If you wanted a good definition of “total team failure,” the Phils’ two games in Cleveland this week would be a pretty good place to start looking.
For the second night in a row, Phillies pitching made the Indians murderer’s row of Mark Reynolds, Carlos Santana and Ryan Raburn look like Jim Thome, Albert Belle and Manny Ramirez, allowing the trio to go 7 for 14 as Cleveland knocked out 14 more hits in an uncompetitive 6-0 win over the Phils. Last night, Cliff Lee was the recipient of some bad luck, the victim of three infield hits in a three-run third that, with this offense, put the game out of reach early.
In all, Lee gave up five runs (four earned) on nine hits in six innings. It wasn’t a terrible performance, but it wasn’t very good either.
Baseball is weird.
Meanwhile, the offense could not take advantage of the wildly erratic youngster Trevor Bauer, who walked the leadoff hitter FOUR TIMES, and walked SIX Phillies hitters in just five innings of work.
And he didn’t give up a single run.
That’s because the Phils could manage only two bloop hits off the bat of Domonic Brown in Bauer’s five innings, making him just the latest in a string of rookie pitchers the Phillies have had trouble solving over the years.
It appears as though Phils hitters don’t realize they’re allowed to both walk AND hit in the same game, at the same time. You’d think one of their two hitting instructors might let them in on that little fact.
“It would’ve been nice to cash a couple in for sure,” Phillies third baseman Michael Young said. “We had some walks, but it was kind of tough to really get locked in on one certain pitch. He had good velocity, good breaking ball, threw his offspeed stuff over. Any count, really, there were no patterns. Like I said, we would’ve liked to cash in on a couple. If we could get some of those opportunities back, it’d be nice.” – quote per MLB.com’s Todd Zolecki
Once again, hitting with runners in scoring position proved to be too monumental a task for this bunch, going 0 for 10. And while Crashburn Alley’s Bill Baer is correct that the Phils’ .251 batting average with runners in scoring position is a respectable number…
Contrary to popular opinion, the Phillies don’t have a RISP problem. Entered tonight 6th in NL in AVG w/ RISP and 2nd in SLG w/ RISP.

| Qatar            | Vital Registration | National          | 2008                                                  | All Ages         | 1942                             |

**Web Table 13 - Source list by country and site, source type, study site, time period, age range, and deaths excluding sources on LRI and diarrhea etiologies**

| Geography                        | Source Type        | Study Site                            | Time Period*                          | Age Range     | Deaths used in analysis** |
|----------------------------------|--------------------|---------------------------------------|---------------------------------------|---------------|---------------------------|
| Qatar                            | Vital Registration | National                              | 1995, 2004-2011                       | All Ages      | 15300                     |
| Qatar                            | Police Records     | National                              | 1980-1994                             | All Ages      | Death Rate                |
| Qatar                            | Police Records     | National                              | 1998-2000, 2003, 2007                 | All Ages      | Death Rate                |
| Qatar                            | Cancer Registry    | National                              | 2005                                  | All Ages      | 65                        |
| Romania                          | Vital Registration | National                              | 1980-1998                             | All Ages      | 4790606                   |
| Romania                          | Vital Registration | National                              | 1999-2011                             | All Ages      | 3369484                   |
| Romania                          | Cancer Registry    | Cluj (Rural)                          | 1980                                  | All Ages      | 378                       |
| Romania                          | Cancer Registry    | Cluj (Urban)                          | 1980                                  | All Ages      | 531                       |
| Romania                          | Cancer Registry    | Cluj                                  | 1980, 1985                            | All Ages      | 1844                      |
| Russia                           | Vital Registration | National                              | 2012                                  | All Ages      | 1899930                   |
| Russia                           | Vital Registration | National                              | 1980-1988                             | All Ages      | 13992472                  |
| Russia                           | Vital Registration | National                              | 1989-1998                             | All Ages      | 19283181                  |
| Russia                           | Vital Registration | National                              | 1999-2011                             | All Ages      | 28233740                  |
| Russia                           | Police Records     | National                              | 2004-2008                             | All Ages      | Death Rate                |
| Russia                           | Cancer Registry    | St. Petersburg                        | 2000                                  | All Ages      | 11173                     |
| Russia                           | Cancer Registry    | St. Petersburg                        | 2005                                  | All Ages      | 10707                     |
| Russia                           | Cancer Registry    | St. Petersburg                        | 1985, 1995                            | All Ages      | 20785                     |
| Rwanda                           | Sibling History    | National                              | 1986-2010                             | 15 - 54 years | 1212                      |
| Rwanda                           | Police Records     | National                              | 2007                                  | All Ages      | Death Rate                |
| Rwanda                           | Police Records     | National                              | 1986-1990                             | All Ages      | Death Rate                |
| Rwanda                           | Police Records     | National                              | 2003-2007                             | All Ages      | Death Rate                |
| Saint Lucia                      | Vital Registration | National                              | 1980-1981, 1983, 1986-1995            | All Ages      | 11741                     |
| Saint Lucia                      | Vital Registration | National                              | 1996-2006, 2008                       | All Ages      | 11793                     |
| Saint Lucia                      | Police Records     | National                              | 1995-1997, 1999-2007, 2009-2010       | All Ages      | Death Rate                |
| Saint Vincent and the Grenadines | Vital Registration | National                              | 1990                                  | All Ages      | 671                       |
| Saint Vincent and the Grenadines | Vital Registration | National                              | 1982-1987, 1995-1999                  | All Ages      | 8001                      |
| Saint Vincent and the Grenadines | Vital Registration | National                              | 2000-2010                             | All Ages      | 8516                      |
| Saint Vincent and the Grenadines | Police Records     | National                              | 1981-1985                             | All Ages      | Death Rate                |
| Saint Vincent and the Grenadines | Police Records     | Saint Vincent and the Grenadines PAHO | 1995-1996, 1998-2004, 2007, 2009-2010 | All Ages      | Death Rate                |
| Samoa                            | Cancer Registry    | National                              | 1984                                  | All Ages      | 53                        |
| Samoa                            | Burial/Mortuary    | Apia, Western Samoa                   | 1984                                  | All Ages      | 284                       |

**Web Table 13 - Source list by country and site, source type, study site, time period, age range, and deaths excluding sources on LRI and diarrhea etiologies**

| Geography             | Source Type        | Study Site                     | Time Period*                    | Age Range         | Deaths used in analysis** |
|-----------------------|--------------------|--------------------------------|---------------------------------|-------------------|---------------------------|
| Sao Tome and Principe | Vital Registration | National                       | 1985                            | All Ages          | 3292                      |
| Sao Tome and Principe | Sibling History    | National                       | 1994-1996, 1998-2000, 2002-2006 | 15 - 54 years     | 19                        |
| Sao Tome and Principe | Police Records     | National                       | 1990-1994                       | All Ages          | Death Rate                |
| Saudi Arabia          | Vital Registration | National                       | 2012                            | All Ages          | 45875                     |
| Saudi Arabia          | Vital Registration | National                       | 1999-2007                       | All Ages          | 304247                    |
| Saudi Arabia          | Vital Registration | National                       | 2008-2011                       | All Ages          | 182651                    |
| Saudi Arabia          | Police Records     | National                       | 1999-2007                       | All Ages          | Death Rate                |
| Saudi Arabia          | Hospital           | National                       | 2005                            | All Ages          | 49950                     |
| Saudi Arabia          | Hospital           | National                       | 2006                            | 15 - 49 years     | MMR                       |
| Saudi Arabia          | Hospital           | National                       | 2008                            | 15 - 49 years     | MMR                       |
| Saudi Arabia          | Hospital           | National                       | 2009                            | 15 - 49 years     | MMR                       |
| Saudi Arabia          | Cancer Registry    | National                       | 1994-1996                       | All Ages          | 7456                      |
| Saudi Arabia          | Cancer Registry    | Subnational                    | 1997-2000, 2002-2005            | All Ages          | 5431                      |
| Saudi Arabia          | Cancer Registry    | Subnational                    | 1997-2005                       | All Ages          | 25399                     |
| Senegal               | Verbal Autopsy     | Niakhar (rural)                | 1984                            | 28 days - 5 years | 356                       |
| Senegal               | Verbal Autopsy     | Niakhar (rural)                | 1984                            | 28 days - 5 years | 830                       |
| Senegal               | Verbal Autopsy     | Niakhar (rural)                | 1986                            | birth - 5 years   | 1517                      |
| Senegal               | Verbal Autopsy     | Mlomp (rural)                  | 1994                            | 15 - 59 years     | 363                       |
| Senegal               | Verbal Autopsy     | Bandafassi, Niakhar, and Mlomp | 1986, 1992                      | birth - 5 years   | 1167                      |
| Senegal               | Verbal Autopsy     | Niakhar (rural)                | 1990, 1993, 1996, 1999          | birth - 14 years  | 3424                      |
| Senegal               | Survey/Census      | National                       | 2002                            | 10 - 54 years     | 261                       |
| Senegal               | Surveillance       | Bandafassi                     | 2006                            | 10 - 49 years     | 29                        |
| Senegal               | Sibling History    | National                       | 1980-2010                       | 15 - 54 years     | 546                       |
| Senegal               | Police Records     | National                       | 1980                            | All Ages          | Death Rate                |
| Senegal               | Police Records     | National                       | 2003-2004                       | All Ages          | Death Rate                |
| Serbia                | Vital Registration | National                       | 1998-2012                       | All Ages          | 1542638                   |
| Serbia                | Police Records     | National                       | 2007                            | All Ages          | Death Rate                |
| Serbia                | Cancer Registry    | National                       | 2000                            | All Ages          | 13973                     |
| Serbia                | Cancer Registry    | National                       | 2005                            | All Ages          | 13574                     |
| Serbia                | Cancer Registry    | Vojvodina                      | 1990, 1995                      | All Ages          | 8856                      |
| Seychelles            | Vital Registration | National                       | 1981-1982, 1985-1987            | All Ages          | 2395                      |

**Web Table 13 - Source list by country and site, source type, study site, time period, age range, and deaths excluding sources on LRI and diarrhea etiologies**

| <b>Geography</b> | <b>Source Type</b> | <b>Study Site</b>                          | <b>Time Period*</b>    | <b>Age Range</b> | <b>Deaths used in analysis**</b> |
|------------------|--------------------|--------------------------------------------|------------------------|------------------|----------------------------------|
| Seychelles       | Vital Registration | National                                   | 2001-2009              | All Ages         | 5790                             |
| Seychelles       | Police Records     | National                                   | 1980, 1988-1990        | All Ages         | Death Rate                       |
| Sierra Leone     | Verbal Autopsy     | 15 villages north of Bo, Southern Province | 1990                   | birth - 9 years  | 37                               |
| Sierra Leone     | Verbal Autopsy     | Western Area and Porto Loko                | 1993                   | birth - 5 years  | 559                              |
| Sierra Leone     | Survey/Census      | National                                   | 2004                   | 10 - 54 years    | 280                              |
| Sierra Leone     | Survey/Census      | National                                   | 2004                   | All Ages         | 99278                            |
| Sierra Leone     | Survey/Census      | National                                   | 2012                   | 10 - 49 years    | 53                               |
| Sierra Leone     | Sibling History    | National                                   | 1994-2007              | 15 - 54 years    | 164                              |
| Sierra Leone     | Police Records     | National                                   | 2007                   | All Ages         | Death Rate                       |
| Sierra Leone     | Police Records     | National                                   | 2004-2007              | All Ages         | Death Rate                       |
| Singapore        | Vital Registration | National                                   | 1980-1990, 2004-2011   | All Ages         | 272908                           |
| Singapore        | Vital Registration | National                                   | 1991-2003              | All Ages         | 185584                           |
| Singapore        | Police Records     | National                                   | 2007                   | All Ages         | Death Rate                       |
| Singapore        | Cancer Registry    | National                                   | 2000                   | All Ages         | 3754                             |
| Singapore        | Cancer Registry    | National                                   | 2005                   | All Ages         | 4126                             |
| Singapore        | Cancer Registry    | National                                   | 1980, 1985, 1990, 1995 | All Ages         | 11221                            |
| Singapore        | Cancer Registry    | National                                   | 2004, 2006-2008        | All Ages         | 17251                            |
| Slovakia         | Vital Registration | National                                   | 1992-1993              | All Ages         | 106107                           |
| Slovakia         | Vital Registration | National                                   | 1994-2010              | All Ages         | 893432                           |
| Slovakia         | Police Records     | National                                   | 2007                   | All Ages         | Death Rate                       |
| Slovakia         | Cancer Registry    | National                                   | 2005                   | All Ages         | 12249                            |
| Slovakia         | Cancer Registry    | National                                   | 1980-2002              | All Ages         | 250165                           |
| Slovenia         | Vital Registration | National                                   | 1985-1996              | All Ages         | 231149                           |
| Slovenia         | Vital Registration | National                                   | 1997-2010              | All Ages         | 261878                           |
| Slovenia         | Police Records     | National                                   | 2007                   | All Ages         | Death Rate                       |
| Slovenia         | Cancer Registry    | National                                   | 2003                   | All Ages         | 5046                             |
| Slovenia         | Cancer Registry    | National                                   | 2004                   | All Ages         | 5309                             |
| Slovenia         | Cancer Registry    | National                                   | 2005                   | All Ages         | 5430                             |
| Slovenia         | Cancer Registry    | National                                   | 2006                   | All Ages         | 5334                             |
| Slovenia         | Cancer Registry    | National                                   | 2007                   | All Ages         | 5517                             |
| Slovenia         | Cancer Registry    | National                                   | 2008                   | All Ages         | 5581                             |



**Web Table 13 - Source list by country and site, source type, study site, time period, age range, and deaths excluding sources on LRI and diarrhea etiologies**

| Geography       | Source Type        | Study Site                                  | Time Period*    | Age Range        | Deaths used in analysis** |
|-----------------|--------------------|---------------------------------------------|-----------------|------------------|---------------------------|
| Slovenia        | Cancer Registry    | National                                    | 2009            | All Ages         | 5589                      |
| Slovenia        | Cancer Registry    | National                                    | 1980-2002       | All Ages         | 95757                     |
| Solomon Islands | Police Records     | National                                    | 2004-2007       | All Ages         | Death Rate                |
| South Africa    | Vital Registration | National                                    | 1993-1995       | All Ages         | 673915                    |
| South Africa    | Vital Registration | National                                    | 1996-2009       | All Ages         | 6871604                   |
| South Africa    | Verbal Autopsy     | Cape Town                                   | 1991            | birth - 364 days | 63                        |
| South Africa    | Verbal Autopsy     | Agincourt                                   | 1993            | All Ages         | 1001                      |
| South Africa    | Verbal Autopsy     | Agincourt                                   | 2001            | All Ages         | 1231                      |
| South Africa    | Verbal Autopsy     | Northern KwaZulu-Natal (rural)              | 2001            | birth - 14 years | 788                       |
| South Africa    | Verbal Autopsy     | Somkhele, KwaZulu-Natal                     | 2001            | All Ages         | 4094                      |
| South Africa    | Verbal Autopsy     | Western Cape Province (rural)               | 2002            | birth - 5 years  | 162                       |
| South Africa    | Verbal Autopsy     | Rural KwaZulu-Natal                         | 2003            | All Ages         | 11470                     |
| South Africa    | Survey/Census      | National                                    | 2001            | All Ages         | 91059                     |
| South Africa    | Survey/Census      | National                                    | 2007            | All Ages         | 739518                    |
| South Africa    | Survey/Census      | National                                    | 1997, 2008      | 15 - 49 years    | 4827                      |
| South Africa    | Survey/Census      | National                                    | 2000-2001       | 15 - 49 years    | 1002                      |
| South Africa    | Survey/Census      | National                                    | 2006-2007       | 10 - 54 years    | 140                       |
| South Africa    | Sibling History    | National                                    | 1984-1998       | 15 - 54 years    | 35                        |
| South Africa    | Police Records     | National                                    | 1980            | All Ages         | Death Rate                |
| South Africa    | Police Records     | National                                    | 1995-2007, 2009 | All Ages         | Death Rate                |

— Bill Baer (@CrashburnAlley) May 2, 2013
…a deeper dive inside the numbers reveals a much bigger failing in this area.
If you remove three games in which the Phillies went 6 for 13, 6 for 11 and 5 for 11 with runners in scoring position (two wins and a loss), the team has hit a combined 39 for 188 (.207).
In their 16 losses this year, the Phillies have hit 25 for 121 (.206) with runners in scoring position. If you remove one game in which they went 6 for 13, their batting average with runners in scoring position is .176.
Of course, by removing three games from an already small sample size, it’s not totally fair to judge the Phillies as being a terrible team with runners in scoring position…
@felskefiles you don’t know that though without checking dispersion of the league. Spread could be normal, or it may not be.
— Bill Baer (@CrashburnAlley) May 2, 2013
Which means I now have a larger project to tackle. Yippee.
And yes, of course, the offense has had a hard time getting on base in the first place, mainly because they haven’t drawn walks.
Last night, however, they did. And they did absolutely nothing with them.
So far, the return of Carlos Ruiz and Delmon Young hasn’t helped much. Sure, it’s just two games in which the Phillies have had Ruben Amaro‘s dream lineup in place, so it’s too early to draw any conclusions. But getting outscored 20-2 sure does leave an impression.
Luckily, the Phillies are set for a four-game series with the Marlins at Citizens Bank Park starting tonight. The Phillies are 7-2 against the Marlins and Mets this year, and 5-14 against everybody else.
Anything less than taking three out of four from the 8-20 Miami Marlins, a team with an NL-worst -45 run differential, should be regarded as a complete and total failure.
Where It All Went Wrong
When the Indians got three infield hits in the third inning, in addition to a line-drive double to left, scoring three runs in the inning to make the score 4-0. Against the Phillies, that’s basically a 20-run advantage.
Ben Revere, who got a hit to the outfield last night. I would post the highlight, but it’s not worth your time or mine.
How about Ryan Raburn, who is the hottest player in Major League Baseball right now.
Ryan Raburn during his 12-for-13 tear has raised his batting average from .195 to .370 (4HR, 9RBI)
— Cleveland Indians (@Indians) May 2, 2013
Also, honorable mention to interleague play, something the Phillies historically have been TOTALLY AWESOME at. In five interleague games this year, the Phillies are 1-4. Really enjoying the AL Central, guys.
Let’s make a little baseball history tonight, boys. *Phillies walk 24 times, score no runs*
— Justin Klugh (@TBOHblog) May 2, 2013
Ugh Dom, come on man, we’ve talked about this, explode into the pitch, you looked almost scared to swing at that ball in play. #phillies
— Ben Horrow (@Summerpastime) May 1, 2013
Delmon Young hasn’t thrown his bat at an umpire yet. #PositivePhilliesTweets
— John Stolnis (@FelskeFiles) May 2, 2013
Topics: Philadelphia Phillies